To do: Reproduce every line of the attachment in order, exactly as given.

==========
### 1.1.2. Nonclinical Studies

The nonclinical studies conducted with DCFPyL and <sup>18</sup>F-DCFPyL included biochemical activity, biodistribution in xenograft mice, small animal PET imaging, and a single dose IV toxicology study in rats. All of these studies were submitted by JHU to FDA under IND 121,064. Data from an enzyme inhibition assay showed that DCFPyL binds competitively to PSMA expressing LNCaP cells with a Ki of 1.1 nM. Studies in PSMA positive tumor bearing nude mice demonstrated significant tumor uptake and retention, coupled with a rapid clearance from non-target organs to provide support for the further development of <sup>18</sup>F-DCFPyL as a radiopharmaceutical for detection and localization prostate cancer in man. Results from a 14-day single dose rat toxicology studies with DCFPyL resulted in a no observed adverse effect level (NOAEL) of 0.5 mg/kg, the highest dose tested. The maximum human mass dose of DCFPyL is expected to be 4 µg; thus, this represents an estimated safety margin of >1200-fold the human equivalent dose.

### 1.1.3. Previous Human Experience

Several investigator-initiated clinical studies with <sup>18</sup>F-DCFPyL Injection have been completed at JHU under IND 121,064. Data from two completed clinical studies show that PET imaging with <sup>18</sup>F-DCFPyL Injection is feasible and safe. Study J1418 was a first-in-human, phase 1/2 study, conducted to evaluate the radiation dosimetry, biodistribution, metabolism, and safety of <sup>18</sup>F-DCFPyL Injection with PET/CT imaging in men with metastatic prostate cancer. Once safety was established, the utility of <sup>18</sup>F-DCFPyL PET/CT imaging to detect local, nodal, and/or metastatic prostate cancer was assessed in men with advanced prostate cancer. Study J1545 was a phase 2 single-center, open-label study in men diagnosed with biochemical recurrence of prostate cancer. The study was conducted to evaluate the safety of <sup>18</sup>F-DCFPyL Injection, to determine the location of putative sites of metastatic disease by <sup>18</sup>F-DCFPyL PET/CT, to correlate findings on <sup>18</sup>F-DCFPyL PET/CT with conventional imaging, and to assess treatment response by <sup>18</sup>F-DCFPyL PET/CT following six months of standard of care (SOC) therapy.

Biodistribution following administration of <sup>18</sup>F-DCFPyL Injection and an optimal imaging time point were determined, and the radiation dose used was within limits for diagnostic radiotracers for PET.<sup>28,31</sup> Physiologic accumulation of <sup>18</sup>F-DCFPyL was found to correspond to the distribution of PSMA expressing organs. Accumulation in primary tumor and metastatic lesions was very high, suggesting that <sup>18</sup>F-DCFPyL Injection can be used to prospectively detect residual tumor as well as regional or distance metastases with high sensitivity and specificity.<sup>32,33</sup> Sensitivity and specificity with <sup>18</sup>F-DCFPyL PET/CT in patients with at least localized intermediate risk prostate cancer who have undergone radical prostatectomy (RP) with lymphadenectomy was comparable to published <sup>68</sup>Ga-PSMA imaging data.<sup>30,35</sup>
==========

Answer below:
### 1.1.2. Nonclinical Studies

The nonclinical studies conducted with DCFPyL and <sup>18</sup>F-DCFPyL included biochemical activity, biodistribution in xenograft mice, small animal PET imaging, and a single dose IV toxicology study in rats. All of these studies were submitted by JHU to FDA under IND 121,064. Data from an enzyme inhibition assay showed that DCFPyL binds competitively to PSMA expressing LNCaP cells with a Ki of 1.1 nM. Studies in PSMA positive tumor bearing nude mice demonstrated significant tumor uptake and retention, coupled with a rapid clearance from non-target organs to provide support for the further development of <sup>18</sup>F-DCFPyL as a radiopharmaceutical for detection and localization prostate cancer in man. Results from a 14-day single dose rat toxicology studies with DCFPyL resulted in a no observed adverse effect level (NOAEL) of 0.5 mg/kg, the highest dose tested. The maximum human mass dose of DCFPyL is expected to be 4 µg; thus, this represents an estimated safety margin of >1200-fold the human equivalent dose.

### 1.1.3. Previous Human Experience

Several investigator-initiated clinical studies with <sup>18</sup>F-DCFPyL Injection have been completed at JHU under IND 121,064. Data from two completed clinical studies show that PET imaging with <sup>18</sup>F-DCFPyL Injection is feasible and safe. Study J1418 was a first-in-human, phase 1/2 study, conducted to evaluate the radiation dosimetry, biodistribution, metabolism, and safety of <sup>18</sup>F-DCFPyL Injection with PET/CT imaging in men with metastatic prostate cancer. Once safety was established, the utility of <sup>18</sup>F-DCFPyL PET/CT imaging to detect local, nodal, and/or metastatic prostate cancer was assessed in men with advanced prostate cancer. Study J1545 was a phase 2 single-center, open-label study in men diagnosed with biochemical recurrence of prostate cancer. The study was conducted to evaluate the safety of <sup>18</sup>F-DCFPyL Injection, to determine the location of putative sites of metastatic disease by <sup>18</sup>F-DCFPyL PET/CT, to correlate findings on <sup>18</sup>F-DCFPyL PET/CT with conventional imaging, and to assess treatment response by <sup>18</sup>F-DCFPyL PET/CT following six months of standard of care (SOC) therapy.

Biodistribution following administration of <sup>18</sup>F-DCFPyL Injection and an optimal imaging time point were determined, and the radiation dose used was within limits for diagnostic radiotracers for PET.<sup>28,31</sup> Physiologic accumulation of <sup>18</sup>F-DCFPyL was found to correspond to the distribution of PSMA expressing organs. Accumulation in primary tumor and metastatic lesions was very high, suggesting that <sup>18</sup>F-DCFPyL Injection can be used to prospectively detect residual tumor as well as regional or distance metastases with high sensitivity and specificity.<sup>32,33</sup> Sensitivity and specificity with <sup>18</sup>F-DCFPyL PET/CT in patients with at least localized intermediate risk prostate cancer who have undergone radical prostatectomy (RP) with lymphadenectomy was comparable to published <sup>68</sup>Ga-PSMA imaging data.<sup>30,35</sup>